How Can Retirees Cope With Inflation?
Over the long run, the US averages an inflation rate of roughly three percent. For the last several years, we have been spoiled with ultra-low inflation. While warnings of higher inflation and interest rate hikes have been plenty, given the supply chain disruption, government spending, and war in Ukraine, the return of inflation isn't welcome and is concerning. As long as you don't live under a rock, I don't have to tell you that our current inflation reading is far above average.
Inflation affects each of us differently depending on the goods and services we purchase. For example, the average mortgage interest rate jump to just under 6% will have no impact on the existing fixed income mortgage locked in 1 year ago at around 3% rate or on the retirees who have already paid off their homes. The doubling of gas prices will have a larger impact for someone like me who still drives to work daily versus someone who is retired and goes less frequently. You can easily see how inflation has different impacts on each individual.
The government is keenly aware of the differences. It also calculates a broad-based way to measure inflation for individuals aged 62 and above with the CPI-E, the Consumer Price Index for the Elderly. However, your lifestyle may also be vastly different from the CPI-E index's generalizations. The best way to determine the cost of living is to examine your lifestyle and note the changes in prices to maintain that same lifestyle.
Even if your lifestyle isn't generating the latest 8.2% inflation reading or even meeting the CPI-E of 7.9%, I'm confident your expenses have increased. Here are some ways to help offset inflation during retirement.
Millions of Americans rely on Social Security as an essential source of income during retirement to pay monthly bills. As inflation increases, it gets harder to make those dollars stretch.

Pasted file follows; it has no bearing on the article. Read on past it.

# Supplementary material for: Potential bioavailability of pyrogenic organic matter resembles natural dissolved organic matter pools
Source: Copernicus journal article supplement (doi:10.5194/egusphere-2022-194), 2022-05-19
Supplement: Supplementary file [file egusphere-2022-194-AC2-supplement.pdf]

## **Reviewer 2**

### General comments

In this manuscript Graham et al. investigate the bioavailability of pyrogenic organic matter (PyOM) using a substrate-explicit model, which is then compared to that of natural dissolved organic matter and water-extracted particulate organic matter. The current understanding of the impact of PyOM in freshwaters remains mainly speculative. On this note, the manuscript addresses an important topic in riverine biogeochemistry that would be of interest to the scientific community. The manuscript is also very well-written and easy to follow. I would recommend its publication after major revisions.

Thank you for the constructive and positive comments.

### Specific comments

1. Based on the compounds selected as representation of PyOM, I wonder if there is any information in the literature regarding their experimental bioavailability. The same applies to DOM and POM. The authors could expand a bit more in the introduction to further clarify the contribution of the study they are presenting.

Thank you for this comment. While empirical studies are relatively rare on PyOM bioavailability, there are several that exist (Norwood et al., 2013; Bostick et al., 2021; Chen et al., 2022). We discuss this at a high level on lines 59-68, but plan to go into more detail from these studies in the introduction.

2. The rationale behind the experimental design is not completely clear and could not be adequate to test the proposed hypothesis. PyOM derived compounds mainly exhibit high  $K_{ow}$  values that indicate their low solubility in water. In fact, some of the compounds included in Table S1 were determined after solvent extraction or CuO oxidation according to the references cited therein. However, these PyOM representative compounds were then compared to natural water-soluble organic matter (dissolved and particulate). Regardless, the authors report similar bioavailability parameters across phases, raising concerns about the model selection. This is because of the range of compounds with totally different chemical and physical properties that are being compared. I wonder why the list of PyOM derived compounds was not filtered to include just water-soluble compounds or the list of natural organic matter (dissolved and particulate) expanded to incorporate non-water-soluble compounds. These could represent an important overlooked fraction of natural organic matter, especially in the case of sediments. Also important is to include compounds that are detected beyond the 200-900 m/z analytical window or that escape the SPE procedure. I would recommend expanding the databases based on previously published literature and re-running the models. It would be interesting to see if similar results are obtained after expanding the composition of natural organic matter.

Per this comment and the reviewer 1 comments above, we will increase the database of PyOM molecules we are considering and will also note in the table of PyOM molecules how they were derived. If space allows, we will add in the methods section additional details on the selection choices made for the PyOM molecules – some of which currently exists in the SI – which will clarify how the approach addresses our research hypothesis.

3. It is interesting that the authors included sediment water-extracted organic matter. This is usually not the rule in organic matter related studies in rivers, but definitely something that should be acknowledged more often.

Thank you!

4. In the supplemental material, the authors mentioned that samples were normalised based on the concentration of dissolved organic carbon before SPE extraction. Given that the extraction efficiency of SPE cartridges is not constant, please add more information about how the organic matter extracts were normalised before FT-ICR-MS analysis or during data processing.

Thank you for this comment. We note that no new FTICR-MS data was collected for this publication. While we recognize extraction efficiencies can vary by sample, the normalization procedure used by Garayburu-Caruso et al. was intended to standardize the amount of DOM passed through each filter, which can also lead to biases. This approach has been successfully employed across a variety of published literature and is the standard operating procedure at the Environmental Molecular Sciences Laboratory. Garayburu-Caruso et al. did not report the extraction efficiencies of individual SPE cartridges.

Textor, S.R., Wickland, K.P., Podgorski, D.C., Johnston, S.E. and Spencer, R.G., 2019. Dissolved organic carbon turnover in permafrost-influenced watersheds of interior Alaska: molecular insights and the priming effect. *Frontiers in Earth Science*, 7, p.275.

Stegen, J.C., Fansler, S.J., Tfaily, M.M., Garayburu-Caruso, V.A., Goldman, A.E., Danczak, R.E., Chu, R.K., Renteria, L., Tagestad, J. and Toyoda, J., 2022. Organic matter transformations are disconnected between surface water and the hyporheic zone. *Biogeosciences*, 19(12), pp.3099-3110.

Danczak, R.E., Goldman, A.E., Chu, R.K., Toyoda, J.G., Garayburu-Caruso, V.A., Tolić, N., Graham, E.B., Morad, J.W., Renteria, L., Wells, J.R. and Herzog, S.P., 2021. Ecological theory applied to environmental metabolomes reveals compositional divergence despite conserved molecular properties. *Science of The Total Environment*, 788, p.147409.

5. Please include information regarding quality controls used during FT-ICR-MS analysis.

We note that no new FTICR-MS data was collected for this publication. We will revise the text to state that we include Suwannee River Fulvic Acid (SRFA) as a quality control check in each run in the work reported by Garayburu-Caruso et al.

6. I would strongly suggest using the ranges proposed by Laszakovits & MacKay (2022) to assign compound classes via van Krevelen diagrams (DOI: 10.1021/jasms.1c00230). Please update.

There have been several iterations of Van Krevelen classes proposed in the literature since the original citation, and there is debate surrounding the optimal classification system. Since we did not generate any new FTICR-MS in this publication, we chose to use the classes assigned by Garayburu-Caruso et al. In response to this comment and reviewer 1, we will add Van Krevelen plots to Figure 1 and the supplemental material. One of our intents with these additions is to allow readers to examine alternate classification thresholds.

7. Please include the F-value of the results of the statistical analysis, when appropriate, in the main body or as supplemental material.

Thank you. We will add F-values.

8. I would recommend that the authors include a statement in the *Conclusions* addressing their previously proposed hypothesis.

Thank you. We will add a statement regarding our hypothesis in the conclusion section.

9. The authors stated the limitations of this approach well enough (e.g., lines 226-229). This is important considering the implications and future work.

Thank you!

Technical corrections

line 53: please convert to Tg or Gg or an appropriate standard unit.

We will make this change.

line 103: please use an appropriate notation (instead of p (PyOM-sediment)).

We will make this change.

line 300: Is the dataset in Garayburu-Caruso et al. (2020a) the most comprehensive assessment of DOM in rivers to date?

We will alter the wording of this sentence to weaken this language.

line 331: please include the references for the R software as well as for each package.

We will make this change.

Just as your mom may have given you the old-fashioned Cola Syrup to help with your upset belly, the Social Security Administration provides COLA to help your monthly income when you are upset from rising prices. Social Security calculates the Cost-of-Living Adjustment on an annual basis.
You may remember, after years of small to no increases, the 2022 social security increase came in at 5.9%. Given the current inflation environment, it is expected that 2023 will see an even more significant increase. Of course, you will not see the subsequent rise until January 2023.
Investments that Adjust with Inflation
Certain investments can adjust with inflation. With interest rate payments at 9.62%, i-bonds are extremely attractive. The US Government issues government bonds that earn a fixed interest rate plus a variable interest inflation rate adjusted twice a year.
Unfortunately, I-bonds have certain purchase limits, restrictions, and tax treatments. An individual can purchase anywhere from $25 to $10,000 of i-bonds electronically in a calendar year and up to $5,000 of paper bonds with your federal tax refund. The money also cannot be touched for the first 12 months.
With the limits and restrictions, i-bonds play a limited role in your financial picture. However, at this point, every little bit helps. You can learn about i-bonds and make your electronic purchase online at treasurydirect.gov.
A Change in Lifestyle
Think back to the tricks you used when you were younger, cash was limited, and you were trying to make the dollar stretch. The COVID shut down just a few years ago offered a quick reminder of how to get back to the basics and enjoy some of the simpler things in life.
Depending on your budget, you may not have to go cold turkey and revert to the COVID lifestyle budget, but you can still cut back. When people are pessimistic about the economy, tend to spend less. Anecdotally, I see that in practice. I hear from a lot of my clients that they have already started looking at areas they can trim in the budget to save money. Going out to lunch instead of dinner, consolidating driving to accomplish the same tasks with less gas, and holding off on the luxury trip are ways to pull back without giving up on your long-term retirement goals.
How you deal with inflation is your choice. You could continue and wait for inflation to subside and your social security to increase, or you can act and implement steps to prevent inflation from tearing into your wallet and recking havoc on your retirement. This article is not a comprehensive list of ways to protect your retirement savings; it's simply a way to remind you that you have ways to combat the current inflation and stay focused on the long-term success of your retirement.
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